Too many Guerrerenses die on their feet.
Too many indignant dead in a state where
death by blade, sword or bullet is a natural death.
If it is true that the murdered don’t rest,
Guerrero is an immense congregation of the waking dead.
Armando Bartra. Deep South
It has been noted that the national and international attention on Chiapas and its armed conflict succeeded in decreasing the direct violence and in generating pressure on the state and federal governments because of the political cost of repression and its deaths. But while this concern has been focused on Chiapas, in other states, such as Oaxaca and Guerrero, social, campesino and indigenous organizations have continued to suffer threats, violence and militarization without many voices denouncing these crimes and thus leaving open a door for impunity.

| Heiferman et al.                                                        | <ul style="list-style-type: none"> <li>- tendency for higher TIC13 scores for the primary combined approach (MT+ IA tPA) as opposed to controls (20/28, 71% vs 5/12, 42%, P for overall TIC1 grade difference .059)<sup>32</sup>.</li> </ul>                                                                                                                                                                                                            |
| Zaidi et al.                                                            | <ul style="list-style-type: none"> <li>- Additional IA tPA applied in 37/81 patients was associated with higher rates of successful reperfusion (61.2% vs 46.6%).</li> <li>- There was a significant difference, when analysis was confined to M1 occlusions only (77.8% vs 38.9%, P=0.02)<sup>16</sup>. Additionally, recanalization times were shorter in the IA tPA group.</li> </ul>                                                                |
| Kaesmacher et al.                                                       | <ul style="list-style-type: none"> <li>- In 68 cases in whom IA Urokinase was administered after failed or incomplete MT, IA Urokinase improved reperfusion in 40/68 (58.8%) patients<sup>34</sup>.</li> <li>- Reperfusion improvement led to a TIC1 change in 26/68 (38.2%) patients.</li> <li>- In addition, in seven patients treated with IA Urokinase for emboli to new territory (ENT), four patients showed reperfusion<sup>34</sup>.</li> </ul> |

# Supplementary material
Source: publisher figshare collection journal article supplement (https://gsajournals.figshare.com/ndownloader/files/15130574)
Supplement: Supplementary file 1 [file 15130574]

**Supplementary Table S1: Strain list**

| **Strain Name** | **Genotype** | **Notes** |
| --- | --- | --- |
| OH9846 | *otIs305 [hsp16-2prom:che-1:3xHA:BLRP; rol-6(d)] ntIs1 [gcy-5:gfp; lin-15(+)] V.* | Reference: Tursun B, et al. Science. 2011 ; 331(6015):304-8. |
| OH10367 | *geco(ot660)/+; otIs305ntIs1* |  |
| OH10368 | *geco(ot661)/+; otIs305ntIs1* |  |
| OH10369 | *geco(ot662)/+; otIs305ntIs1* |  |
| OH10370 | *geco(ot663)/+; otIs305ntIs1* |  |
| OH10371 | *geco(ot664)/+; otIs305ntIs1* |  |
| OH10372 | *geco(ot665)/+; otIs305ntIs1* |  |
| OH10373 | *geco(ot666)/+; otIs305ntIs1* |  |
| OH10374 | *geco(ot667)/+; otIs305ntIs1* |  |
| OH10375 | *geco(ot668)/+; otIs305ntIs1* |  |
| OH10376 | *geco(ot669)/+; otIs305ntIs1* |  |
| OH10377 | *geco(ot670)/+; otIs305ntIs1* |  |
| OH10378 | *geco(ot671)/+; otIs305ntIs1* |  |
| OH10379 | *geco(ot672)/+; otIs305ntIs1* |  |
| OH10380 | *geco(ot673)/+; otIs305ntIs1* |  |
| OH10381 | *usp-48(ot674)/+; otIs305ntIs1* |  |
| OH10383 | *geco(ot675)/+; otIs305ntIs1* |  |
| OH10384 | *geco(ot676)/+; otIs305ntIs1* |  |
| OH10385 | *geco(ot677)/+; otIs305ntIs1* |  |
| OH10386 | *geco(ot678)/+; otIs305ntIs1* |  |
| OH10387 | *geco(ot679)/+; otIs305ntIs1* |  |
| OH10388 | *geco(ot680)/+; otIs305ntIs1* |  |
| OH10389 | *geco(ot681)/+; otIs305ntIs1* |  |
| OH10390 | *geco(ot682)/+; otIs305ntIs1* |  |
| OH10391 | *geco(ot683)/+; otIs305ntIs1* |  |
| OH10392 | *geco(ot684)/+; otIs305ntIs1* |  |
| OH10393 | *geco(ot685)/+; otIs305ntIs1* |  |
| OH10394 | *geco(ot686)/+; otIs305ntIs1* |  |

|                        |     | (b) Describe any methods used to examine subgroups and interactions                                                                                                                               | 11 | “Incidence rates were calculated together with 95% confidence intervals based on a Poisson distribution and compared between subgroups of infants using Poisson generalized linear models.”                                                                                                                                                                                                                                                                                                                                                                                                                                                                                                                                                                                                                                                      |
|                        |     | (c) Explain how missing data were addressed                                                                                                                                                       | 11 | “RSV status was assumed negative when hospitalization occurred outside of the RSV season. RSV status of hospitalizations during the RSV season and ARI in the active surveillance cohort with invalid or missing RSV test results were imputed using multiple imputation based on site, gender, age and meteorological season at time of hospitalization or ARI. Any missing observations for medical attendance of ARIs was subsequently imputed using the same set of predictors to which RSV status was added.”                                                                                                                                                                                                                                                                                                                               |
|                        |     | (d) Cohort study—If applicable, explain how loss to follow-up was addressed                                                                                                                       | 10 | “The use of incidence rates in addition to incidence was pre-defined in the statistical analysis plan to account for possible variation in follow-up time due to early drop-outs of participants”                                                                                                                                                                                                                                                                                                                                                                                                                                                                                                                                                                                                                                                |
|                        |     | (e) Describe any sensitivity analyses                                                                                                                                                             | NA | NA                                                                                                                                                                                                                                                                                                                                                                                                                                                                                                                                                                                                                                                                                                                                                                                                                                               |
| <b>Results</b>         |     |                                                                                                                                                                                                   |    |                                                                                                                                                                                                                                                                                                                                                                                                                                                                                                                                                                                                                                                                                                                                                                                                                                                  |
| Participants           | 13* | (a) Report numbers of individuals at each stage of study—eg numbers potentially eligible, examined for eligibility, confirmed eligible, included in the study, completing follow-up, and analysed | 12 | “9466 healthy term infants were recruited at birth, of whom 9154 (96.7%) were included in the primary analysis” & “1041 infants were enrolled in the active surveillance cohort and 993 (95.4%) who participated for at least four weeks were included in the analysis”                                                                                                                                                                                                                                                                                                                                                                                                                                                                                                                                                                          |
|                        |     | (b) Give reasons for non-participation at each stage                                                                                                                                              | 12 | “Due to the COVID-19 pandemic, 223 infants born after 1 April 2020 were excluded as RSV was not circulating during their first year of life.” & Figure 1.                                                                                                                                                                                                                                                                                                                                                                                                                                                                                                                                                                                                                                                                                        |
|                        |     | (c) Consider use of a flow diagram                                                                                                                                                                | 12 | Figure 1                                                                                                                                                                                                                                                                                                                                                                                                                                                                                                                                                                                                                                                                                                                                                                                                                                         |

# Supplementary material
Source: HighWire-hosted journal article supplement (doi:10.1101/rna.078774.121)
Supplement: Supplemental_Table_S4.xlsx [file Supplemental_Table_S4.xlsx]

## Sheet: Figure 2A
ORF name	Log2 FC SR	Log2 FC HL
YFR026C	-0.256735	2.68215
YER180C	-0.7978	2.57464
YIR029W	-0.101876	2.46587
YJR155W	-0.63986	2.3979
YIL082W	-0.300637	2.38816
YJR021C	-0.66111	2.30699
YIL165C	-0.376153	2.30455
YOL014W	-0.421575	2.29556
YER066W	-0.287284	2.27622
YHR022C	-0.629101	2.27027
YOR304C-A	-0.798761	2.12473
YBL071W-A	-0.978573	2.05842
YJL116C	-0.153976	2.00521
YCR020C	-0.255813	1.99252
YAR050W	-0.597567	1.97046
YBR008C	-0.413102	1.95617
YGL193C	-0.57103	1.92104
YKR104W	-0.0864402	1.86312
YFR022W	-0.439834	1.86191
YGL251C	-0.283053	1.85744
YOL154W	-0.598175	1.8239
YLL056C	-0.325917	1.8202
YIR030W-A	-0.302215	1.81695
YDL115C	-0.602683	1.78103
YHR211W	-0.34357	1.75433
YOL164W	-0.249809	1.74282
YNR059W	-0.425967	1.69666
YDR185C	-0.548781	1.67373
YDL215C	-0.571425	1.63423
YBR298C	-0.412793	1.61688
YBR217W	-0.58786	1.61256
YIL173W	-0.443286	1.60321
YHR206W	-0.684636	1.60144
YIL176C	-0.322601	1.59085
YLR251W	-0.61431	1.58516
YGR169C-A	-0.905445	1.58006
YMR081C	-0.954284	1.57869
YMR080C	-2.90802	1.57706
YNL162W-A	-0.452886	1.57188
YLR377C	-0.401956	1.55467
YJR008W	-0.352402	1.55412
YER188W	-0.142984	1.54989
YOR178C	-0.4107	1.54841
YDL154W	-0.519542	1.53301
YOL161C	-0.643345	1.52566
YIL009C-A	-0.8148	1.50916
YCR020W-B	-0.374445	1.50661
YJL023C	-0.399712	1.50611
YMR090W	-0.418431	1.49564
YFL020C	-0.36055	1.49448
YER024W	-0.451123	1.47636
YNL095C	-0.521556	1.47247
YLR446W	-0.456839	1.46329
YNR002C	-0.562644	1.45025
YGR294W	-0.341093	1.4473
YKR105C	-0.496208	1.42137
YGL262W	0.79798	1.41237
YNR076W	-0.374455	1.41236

In these other Mexican states, the same structural causes which provoked the uprising of the Zapatista Army of National Liberation (EZLN) in Chiapas are also present: the lack of basic social and economic rights such as housing, education and health care along with the discrimination and racism cultivated during centuries of internal and external colonialism.
The state of Guerrero, together with Chiapas and Oaxaca, form a triangle of extreme poverty according to socioeconomic indicators for the year 2000 provided by the National Population Council (CONAPO). A third of the indigenous peoples of Mexico are concentrated in these states. The ‘indigenous population in the municipalities of Guerrero is still marginalized 95.9% of the population of Guerrero does not have access to services (Socioeconomic indicators of the indigenous peoples of Mexico-National Indigenous Institute, 2002). As for the right to education, approximately half of the population has not attended school.